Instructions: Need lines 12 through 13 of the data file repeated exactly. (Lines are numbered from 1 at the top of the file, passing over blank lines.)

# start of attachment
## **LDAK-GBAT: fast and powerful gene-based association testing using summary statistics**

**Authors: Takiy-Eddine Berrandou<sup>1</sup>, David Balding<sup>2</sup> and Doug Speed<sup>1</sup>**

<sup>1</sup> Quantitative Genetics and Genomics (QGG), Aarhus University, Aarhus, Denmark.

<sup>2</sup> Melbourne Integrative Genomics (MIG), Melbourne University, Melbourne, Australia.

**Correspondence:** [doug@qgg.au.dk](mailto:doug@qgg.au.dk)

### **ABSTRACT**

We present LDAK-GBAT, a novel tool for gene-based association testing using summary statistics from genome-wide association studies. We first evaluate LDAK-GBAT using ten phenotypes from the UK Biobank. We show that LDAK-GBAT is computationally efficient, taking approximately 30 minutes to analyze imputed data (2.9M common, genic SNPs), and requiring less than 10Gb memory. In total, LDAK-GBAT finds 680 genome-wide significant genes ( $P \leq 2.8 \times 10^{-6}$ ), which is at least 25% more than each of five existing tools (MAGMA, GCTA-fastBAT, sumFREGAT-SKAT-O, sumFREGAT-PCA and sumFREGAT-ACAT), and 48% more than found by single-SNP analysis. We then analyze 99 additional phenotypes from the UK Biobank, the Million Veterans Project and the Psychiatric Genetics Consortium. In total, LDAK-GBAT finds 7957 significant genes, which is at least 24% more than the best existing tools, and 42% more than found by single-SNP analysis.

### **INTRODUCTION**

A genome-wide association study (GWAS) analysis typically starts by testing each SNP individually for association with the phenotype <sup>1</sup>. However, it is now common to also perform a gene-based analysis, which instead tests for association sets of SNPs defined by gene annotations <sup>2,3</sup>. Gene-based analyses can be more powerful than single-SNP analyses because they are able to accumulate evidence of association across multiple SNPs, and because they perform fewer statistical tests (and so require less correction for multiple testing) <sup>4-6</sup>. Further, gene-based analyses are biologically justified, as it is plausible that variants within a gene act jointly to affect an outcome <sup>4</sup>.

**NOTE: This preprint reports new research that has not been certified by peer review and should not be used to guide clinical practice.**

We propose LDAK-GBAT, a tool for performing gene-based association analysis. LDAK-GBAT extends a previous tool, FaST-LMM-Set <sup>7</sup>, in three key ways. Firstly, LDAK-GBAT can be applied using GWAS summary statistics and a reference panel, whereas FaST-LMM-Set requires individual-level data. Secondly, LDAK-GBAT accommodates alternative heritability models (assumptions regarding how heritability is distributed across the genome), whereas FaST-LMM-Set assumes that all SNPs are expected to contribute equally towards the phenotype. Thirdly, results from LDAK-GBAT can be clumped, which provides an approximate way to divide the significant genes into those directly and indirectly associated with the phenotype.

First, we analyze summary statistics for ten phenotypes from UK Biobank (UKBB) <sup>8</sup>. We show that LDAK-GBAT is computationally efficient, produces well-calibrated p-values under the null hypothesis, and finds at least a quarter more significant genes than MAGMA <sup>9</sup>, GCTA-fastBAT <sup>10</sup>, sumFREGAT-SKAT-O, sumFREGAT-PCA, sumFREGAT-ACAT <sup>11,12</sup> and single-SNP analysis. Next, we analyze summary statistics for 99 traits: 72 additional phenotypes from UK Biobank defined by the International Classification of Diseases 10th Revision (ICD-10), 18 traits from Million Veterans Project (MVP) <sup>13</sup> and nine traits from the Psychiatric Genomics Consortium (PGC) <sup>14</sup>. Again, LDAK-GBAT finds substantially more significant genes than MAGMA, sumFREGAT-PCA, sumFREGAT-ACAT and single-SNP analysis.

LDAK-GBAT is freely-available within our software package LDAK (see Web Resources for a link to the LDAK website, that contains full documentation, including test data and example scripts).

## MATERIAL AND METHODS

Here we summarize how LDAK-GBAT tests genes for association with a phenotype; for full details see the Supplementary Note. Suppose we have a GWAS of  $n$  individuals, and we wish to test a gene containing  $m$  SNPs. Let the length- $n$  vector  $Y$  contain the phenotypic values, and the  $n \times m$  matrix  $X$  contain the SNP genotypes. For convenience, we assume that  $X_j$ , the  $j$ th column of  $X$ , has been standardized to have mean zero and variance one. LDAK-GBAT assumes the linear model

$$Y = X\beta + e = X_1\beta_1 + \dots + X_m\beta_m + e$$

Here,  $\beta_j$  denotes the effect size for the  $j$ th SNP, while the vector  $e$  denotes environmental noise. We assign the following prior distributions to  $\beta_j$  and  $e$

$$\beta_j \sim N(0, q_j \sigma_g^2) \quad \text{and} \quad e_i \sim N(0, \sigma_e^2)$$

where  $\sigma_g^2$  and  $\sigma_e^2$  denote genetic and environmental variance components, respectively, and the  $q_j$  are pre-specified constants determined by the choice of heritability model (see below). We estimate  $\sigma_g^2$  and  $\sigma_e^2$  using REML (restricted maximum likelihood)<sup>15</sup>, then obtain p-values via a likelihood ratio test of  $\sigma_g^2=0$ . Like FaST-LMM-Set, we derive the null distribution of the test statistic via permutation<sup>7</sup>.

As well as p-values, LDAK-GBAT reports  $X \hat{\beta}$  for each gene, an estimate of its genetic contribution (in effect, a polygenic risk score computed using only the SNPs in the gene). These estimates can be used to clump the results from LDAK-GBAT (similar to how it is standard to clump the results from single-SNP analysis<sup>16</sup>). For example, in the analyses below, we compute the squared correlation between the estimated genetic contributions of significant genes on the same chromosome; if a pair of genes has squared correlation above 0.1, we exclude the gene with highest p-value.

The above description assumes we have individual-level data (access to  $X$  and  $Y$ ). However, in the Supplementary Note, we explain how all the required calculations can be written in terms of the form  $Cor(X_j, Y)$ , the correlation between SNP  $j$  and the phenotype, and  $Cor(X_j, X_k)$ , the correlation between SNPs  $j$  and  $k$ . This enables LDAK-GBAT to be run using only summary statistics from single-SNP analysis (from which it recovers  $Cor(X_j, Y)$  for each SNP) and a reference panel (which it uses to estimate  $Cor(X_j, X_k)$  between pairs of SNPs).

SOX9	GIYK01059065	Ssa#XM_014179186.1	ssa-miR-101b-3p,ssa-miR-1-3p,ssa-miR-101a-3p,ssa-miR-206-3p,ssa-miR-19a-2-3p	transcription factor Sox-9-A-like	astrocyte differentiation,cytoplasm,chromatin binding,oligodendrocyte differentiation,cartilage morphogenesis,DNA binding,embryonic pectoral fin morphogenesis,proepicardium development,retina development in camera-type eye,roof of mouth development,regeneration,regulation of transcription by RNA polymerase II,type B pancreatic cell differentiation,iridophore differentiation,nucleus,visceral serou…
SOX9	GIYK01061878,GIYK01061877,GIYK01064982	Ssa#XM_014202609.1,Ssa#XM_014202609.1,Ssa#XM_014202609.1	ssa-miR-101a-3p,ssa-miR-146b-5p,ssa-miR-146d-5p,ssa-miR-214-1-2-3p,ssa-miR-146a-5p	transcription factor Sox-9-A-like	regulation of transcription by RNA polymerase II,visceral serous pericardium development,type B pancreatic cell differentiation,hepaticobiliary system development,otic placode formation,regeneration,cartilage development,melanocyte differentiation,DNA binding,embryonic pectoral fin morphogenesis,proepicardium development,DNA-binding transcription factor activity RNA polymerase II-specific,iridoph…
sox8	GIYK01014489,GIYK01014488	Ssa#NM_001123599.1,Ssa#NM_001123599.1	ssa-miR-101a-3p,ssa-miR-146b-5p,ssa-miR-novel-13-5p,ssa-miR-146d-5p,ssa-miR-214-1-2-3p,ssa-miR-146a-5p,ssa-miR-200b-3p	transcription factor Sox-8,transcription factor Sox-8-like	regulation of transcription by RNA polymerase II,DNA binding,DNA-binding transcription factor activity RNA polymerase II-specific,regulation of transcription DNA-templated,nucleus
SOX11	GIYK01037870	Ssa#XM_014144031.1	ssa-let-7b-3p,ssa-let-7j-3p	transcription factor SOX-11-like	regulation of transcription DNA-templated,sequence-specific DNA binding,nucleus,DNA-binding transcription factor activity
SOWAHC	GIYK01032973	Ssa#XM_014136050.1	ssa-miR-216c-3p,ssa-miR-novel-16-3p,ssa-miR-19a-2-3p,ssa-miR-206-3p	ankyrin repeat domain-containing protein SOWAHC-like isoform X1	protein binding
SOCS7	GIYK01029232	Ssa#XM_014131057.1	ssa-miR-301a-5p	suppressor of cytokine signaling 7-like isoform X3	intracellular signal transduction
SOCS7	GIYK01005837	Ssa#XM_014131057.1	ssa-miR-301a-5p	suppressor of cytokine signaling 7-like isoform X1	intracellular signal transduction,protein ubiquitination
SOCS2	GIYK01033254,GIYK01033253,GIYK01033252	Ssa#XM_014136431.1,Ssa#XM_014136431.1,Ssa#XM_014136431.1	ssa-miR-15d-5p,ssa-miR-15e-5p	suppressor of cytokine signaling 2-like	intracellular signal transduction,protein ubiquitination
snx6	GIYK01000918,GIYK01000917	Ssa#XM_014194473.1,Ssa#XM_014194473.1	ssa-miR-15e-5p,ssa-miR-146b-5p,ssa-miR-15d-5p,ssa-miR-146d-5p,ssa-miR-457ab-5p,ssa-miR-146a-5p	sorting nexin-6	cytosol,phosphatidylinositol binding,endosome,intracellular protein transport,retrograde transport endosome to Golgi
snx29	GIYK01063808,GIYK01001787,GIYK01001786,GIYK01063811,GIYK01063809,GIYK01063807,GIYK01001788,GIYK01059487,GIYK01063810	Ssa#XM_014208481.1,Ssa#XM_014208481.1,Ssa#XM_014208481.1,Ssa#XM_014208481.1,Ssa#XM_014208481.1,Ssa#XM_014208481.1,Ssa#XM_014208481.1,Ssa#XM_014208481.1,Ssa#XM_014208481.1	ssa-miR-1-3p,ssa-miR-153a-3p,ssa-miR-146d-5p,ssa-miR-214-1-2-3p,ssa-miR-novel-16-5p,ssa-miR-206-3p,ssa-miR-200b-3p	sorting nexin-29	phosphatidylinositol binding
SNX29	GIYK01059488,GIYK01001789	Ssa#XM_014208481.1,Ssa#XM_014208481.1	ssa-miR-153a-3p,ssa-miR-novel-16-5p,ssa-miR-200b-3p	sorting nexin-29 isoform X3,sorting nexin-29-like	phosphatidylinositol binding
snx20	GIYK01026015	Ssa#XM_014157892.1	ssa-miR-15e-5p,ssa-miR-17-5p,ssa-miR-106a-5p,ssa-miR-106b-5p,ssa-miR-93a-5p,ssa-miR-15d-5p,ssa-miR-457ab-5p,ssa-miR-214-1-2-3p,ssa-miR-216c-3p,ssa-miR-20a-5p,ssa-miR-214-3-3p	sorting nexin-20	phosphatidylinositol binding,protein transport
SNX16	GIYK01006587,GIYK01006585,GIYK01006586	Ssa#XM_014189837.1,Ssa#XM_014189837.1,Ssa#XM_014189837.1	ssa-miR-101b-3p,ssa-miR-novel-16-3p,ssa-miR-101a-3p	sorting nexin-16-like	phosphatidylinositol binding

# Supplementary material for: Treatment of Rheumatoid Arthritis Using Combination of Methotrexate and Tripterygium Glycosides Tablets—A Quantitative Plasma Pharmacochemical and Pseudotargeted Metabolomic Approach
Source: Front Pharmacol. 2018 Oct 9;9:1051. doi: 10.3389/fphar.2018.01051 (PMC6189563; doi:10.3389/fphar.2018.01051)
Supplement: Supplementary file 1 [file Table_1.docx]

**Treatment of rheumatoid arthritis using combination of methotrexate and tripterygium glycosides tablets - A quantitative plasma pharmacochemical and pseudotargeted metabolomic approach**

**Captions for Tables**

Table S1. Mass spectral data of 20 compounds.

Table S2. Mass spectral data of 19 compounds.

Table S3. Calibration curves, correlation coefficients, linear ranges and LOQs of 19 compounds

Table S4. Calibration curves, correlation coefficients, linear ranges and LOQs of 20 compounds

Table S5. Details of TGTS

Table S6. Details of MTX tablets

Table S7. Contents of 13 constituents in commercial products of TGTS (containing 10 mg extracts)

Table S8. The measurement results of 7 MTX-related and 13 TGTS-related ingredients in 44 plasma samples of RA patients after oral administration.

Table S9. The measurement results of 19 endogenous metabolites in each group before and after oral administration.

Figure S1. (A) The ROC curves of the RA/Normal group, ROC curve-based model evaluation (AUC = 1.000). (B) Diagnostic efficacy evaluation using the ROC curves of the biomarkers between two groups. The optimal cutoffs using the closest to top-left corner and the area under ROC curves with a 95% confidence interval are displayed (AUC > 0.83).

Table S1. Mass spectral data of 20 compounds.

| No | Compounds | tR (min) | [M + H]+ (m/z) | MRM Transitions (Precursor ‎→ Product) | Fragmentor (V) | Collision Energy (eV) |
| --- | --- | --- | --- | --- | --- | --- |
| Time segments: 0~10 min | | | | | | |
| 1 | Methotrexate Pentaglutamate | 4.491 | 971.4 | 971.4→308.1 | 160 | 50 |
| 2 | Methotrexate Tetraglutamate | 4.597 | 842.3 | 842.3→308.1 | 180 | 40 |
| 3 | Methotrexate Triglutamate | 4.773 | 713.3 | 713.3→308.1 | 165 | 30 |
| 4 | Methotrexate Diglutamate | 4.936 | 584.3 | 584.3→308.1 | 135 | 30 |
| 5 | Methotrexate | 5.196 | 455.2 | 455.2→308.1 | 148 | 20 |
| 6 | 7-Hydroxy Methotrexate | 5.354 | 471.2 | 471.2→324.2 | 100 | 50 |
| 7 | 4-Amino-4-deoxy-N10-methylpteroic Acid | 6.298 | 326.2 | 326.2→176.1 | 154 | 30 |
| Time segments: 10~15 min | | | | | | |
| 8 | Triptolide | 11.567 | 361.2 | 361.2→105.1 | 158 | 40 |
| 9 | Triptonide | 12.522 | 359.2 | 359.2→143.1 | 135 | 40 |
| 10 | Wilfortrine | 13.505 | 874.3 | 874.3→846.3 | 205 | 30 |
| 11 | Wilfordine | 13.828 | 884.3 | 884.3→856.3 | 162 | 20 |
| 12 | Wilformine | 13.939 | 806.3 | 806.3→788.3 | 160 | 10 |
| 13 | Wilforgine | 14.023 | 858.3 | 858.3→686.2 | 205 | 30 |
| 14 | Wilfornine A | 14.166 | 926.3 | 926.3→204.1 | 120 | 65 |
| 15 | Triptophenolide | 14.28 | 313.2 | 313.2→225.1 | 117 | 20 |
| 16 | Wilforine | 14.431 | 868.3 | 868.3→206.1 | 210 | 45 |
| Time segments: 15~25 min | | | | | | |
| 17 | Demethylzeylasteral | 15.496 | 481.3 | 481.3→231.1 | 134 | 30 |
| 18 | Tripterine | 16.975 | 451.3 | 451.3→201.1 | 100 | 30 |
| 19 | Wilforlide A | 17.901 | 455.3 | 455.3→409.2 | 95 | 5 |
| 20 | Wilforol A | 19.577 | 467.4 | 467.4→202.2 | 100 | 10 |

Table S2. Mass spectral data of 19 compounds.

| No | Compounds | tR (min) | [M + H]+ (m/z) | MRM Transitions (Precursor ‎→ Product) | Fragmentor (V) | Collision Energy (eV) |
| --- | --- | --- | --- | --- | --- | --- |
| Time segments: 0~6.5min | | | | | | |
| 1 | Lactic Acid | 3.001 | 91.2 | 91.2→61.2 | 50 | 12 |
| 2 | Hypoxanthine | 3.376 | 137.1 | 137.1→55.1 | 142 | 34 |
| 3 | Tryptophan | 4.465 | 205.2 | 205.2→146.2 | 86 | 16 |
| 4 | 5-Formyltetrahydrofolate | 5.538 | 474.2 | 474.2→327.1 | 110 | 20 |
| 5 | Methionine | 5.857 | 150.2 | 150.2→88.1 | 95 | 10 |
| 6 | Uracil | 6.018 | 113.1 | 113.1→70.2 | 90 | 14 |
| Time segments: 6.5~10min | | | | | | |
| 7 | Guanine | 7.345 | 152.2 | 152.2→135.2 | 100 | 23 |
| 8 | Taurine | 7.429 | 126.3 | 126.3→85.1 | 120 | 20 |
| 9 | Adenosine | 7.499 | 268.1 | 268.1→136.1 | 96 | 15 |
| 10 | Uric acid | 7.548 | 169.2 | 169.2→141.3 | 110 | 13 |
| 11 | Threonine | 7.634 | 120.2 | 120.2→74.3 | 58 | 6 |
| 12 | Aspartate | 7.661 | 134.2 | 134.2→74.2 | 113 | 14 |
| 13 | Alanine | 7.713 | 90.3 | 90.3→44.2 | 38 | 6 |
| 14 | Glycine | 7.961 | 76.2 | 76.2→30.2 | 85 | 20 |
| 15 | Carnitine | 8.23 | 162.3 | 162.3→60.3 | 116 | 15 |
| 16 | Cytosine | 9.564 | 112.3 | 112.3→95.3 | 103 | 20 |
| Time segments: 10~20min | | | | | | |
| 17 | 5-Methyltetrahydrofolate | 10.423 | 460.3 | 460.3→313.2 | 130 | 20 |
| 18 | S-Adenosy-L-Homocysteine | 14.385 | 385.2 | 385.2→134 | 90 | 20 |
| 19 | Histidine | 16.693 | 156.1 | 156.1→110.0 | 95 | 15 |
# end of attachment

First, we analyze summary statistics for ten phenotypes from UK Biobank (UKBB) <sup>8</sup>. We show that LDAK-GBAT is computationally efficient, produces well-calibrated p-values under the null hypothesis, and finds at least a quarter more significant genes than MAGMA <sup>9</sup>, GCTA-fastBAT <sup>10</sup>, sumFREGAT-SKAT-O, sumFREGAT-PCA, sumFREGAT-ACAT <sup>11,12</sup> and single-SNP analysis. Next, we analyze summary statistics for 99 traits: 72 additional phenotypes from UK Biobank defined by the International Classification of Diseases 10th Revision (ICD-10), 18 traits from Million Veterans Project (MVP) <sup>13</sup> and nine traits from the Psychiatric Genomics Consortium (PGC) <sup>14</sup>. Again, LDAK-GBAT finds substantially more significant genes than MAGMA, sumFREGAT-PCA, sumFREGAT-ACAT and single-SNP analysis.

LDAK-GBAT is freely-available within our software package LDAK (see Web Resources for a link to the LDAK website, that contains full documentation, including test data and example scripts).